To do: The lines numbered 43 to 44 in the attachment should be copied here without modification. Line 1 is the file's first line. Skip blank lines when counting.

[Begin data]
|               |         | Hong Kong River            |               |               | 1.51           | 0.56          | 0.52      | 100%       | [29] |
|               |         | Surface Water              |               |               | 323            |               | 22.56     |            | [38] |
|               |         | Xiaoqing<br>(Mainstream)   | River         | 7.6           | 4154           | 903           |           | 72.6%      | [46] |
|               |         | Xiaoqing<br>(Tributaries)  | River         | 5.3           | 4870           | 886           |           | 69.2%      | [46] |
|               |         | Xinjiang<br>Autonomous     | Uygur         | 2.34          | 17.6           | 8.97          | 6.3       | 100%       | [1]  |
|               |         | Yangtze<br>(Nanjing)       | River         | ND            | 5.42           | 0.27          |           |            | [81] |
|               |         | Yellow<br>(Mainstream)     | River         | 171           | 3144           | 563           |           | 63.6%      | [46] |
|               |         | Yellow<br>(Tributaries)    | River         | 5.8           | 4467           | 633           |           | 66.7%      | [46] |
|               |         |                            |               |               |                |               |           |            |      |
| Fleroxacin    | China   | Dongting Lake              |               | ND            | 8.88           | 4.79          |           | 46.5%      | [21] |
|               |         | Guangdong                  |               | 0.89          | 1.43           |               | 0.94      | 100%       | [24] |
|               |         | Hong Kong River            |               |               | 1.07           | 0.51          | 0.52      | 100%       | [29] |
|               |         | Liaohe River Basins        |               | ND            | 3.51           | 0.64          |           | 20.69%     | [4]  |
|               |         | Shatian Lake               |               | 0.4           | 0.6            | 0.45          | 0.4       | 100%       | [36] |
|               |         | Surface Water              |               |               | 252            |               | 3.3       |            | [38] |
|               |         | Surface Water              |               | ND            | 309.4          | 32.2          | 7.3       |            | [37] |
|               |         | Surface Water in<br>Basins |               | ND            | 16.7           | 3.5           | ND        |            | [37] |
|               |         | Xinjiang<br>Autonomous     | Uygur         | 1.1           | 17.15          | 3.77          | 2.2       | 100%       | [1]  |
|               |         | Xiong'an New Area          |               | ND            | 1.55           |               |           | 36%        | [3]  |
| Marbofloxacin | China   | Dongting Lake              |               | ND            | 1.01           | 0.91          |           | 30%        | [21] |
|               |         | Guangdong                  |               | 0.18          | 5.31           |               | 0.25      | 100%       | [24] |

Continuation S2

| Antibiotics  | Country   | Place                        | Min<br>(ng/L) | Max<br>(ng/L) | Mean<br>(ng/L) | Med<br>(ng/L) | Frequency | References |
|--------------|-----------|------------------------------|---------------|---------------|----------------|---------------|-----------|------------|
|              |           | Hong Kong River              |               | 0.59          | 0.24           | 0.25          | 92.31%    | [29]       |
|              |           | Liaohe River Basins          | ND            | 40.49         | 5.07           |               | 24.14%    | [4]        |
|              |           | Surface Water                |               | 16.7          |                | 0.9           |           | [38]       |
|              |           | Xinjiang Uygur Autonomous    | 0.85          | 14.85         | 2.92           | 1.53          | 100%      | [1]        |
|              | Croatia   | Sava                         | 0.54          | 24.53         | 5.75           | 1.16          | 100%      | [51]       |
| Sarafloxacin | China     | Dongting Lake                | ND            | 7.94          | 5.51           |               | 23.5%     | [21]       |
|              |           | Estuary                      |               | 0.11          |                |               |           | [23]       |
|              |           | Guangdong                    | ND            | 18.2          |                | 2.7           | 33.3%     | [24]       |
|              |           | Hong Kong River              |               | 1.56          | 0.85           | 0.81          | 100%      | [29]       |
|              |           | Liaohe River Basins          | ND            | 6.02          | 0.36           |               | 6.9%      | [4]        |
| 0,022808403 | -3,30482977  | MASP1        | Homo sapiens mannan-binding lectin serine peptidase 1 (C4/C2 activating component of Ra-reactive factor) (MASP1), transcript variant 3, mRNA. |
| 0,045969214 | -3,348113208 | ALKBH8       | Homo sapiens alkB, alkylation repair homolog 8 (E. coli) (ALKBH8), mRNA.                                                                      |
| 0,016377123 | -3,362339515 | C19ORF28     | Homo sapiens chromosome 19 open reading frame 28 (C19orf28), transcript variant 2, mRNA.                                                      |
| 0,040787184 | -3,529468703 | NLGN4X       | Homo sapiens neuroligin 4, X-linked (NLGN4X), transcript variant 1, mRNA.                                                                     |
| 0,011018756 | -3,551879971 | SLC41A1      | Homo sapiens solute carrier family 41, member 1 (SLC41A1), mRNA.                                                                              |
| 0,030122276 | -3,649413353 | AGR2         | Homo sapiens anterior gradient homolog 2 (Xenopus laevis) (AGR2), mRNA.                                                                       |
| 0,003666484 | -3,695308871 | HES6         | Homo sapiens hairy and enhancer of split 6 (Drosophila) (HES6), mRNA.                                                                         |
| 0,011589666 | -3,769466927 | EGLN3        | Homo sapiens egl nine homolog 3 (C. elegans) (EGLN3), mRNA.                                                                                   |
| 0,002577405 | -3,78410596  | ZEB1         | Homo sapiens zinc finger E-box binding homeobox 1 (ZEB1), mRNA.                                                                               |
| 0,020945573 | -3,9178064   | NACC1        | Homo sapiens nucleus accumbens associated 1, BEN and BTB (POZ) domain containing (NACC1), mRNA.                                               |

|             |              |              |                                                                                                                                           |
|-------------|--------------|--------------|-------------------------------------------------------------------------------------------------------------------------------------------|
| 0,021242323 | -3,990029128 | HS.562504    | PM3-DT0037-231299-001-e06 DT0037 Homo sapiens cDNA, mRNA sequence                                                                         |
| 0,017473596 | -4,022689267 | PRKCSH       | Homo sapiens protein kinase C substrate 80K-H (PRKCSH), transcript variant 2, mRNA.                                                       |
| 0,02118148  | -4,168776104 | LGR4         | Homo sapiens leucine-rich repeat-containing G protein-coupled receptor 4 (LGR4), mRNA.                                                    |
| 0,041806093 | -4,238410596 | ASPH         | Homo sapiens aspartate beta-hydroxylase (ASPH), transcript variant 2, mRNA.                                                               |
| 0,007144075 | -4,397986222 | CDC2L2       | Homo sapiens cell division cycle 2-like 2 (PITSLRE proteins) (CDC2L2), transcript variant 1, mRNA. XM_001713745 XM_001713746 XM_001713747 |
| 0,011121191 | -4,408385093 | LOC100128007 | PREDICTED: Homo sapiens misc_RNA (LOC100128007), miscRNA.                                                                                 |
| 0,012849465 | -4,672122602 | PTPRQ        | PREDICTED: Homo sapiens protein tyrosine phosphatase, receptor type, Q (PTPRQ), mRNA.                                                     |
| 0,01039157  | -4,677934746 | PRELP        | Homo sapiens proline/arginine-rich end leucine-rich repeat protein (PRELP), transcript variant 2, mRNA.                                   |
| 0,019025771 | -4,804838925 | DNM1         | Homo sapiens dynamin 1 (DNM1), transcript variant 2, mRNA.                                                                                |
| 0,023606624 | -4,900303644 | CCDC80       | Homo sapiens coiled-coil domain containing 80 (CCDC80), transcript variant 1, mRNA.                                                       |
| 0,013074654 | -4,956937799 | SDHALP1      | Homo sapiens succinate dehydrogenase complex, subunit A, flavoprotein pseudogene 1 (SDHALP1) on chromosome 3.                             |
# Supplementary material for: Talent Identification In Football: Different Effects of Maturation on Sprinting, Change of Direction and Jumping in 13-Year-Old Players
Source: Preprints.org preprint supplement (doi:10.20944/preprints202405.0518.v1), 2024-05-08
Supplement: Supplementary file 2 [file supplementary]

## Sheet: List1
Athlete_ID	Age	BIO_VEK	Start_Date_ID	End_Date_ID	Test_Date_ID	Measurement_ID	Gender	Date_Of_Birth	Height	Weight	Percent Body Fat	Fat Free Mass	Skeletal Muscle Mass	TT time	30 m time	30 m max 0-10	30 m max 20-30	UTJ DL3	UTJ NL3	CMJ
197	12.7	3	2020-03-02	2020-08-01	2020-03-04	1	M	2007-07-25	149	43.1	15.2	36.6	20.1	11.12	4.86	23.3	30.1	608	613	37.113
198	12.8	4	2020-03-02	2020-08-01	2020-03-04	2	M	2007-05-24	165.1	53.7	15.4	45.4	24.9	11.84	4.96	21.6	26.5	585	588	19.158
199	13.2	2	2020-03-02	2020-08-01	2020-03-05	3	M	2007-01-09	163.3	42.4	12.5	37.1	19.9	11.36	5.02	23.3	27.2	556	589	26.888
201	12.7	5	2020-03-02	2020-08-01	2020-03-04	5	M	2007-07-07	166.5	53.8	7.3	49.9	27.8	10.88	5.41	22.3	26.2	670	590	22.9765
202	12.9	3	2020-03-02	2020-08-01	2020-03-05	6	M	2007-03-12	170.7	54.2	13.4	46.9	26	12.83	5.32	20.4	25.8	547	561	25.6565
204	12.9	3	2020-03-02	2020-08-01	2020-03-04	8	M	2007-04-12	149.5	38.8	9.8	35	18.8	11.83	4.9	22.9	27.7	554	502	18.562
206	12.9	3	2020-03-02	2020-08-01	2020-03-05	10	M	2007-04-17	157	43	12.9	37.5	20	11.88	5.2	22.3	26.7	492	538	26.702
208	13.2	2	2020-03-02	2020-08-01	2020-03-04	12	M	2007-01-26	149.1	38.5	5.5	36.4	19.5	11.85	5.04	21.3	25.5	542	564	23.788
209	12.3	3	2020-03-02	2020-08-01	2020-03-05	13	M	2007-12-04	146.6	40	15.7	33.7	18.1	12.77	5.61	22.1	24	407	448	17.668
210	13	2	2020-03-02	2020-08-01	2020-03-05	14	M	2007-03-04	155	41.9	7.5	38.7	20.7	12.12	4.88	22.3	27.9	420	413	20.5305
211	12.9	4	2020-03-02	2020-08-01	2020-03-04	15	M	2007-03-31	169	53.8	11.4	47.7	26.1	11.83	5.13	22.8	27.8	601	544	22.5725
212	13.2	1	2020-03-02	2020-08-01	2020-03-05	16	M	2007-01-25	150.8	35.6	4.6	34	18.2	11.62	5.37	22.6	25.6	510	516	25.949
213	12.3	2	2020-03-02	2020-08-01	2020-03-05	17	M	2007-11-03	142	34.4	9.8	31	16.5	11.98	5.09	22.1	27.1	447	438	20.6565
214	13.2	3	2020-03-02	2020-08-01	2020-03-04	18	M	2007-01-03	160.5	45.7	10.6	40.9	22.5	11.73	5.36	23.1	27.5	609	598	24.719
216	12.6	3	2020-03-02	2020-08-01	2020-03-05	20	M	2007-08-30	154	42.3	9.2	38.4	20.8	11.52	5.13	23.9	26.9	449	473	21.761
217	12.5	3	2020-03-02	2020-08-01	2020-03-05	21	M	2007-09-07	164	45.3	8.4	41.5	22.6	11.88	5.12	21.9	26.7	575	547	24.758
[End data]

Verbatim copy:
| 0,002577405 | -3,78410596  | ZEB1         | Homo sapiens zinc finger E-box binding homeobox 1 (ZEB1), mRNA.                                                                               |
| 0,020945573 | -3,9178064   | NACC1        | Homo sapiens nucleus accumbens associated 1, BEN and BTB (POZ) domain containing (NACC1), mRNA.                                               |